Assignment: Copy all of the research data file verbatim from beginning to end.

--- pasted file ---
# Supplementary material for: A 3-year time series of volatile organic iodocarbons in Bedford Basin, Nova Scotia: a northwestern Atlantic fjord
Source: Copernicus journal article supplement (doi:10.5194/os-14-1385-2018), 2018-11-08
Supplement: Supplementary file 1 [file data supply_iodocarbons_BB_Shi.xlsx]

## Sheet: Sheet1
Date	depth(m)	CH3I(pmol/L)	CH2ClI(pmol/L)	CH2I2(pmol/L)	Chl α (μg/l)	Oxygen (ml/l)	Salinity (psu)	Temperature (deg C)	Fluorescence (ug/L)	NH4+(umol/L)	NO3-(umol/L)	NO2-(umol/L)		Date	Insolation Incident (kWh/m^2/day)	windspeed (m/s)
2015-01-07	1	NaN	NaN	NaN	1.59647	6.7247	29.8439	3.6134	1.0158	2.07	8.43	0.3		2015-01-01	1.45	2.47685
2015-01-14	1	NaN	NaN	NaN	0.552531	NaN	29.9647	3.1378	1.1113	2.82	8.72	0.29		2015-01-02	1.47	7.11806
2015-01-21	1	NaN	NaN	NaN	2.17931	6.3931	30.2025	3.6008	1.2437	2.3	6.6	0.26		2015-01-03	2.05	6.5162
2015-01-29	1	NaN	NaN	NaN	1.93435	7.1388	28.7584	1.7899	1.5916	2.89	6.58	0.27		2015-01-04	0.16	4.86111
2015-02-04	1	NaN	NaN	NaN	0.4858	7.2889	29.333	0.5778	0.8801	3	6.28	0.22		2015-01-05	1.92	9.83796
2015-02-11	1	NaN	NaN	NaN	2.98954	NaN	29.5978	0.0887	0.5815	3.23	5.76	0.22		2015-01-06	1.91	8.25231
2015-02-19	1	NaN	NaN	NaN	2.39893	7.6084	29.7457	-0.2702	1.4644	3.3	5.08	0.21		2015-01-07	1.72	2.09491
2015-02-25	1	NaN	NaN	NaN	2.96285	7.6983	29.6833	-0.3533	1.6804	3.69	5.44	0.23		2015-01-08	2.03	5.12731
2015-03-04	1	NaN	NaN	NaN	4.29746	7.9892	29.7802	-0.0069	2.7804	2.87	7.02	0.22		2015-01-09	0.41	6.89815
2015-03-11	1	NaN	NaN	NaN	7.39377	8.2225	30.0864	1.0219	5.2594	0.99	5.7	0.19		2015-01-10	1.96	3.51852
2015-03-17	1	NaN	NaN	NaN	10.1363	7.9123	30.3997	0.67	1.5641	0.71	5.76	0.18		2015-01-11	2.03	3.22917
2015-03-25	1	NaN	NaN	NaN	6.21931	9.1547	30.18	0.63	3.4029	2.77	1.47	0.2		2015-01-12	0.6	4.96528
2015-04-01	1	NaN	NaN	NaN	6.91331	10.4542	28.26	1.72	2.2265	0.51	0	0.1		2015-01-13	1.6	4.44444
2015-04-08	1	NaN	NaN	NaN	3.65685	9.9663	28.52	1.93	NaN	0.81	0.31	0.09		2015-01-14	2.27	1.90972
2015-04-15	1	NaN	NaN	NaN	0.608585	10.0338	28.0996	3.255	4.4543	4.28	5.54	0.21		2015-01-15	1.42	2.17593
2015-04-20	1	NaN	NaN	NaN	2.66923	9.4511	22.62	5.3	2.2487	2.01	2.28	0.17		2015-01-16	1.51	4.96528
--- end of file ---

# Supplementary material for: A 3-year time series of volatile organic iodocarbons in Bedford Basin, Nova Scotia: a northwestern Atlantic fjord
Source: Copernicus journal article supplement (doi:10.5194/os-14-1385-2018), 2018-11-08
Supplement: Supplementary file 1 [file data supply_iodocarbons_BB_Shi.xlsx]

## Sheet: Sheet1
Date	depth(m)	CH3I(pmol/L)	CH2ClI(pmol/L)	CH2I2(pmol/L)	Chl α (μg/l)	Oxygen (ml/l)	Salinity (psu)	Temperature (deg C)	Fluorescence (ug/L)	NH4+(umol/L)	NO3-(umol/L)	NO2-(umol/L)		Date	Insolation Incident (kWh/m^2/day)	windspeed (m/s)
2015-01-07	1	NaN	NaN	NaN	1.59647	6.7247	29.8439	3.6134	1.0158	2.07	8.43	0.3		2015-01-01	1.45	2.47685
2015-01-14	1	NaN	NaN	NaN	0.552531	NaN	29.9647	3.1378	1.1113	2.82	8.72	0.29		2015-01-02	1.47	7.11806
2015-01-21	1	NaN	NaN	NaN	2.17931	6.3931	30.2025	3.6008	1.2437	2.3	6.6	0.26		2015-01-03	2.05	6.5162
2015-01-29	1	NaN	NaN	NaN	1.93435	7.1388	28.7584	1.7899	1.5916	2.89	6.58	0.27		2015-01-04	0.16	4.86111
2015-02-04	1	NaN	NaN	NaN	0.4858	7.2889	29.333	0.5778	0.8801	3	6.28	0.22		2015-01-05	1.92	9.83796
2015-02-11	1	NaN	NaN	NaN	2.98954	NaN	29.5978	0.0887	0.5815	3.23	5.76	0.22		2015-01-06	1.91	8.25231
2015-02-19	1	NaN	NaN	NaN	2.39893	7.6084	29.7457	-0.2702	1.4644	3.3	5.08	0.21		2015-01-07	1.72	2.09491
2015-02-25	1	NaN	NaN	NaN	2.96285	7.6983	29.6833	-0.3533	1.6804	3.69	5.44	0.23		2015-01-08	2.03	5.12731
2015-03-04	1	NaN	NaN	NaN	4.29746	7.9892	29.7802	-0.0069	2.7804	2.87	7.02	0.22		2015-01-09	0.41	6.89815
2015-03-11	1	NaN	NaN	NaN	7.39377	8.2225	30.0864	1.0219	5.2594	0.99	5.7	0.19		2015-01-10	1.96	3.51852
2015-03-17	1	NaN	NaN	NaN	10.1363	7.9123	30.3997	0.67	1.5641	0.71	5.76	0.18		2015-01-11	2.03	3.22917
2015-03-25	1	NaN	NaN	NaN	6.21931	9.1547	30.18	0.63	3.4029	2.77	1.47	0.2		2015-01-12	0.6	4.96528
2015-04-01	1	NaN	NaN	NaN	6.91331	10.4542	28.26	1.72	2.2265	0.51	0	0.1		2015-01-13	1.6	4.44444
2015-04-08	1	NaN	NaN	NaN	3.65685	9.9663	28.52	1.93	NaN	0.81	0.31	0.09		2015-01-14	2.27	1.90972
2015-04-15	1	NaN	NaN	NaN	0.608585	10.0338	28.0996	3.255	4.4543	4.28	5.54	0.21		2015-01-15	1.42	2.17593
2015-04-20	1	NaN	NaN	NaN	2.66923	9.4511	22.62	5.3	2.2487	2.01	2.28	0.17		2015-01-16	1.51	4.96528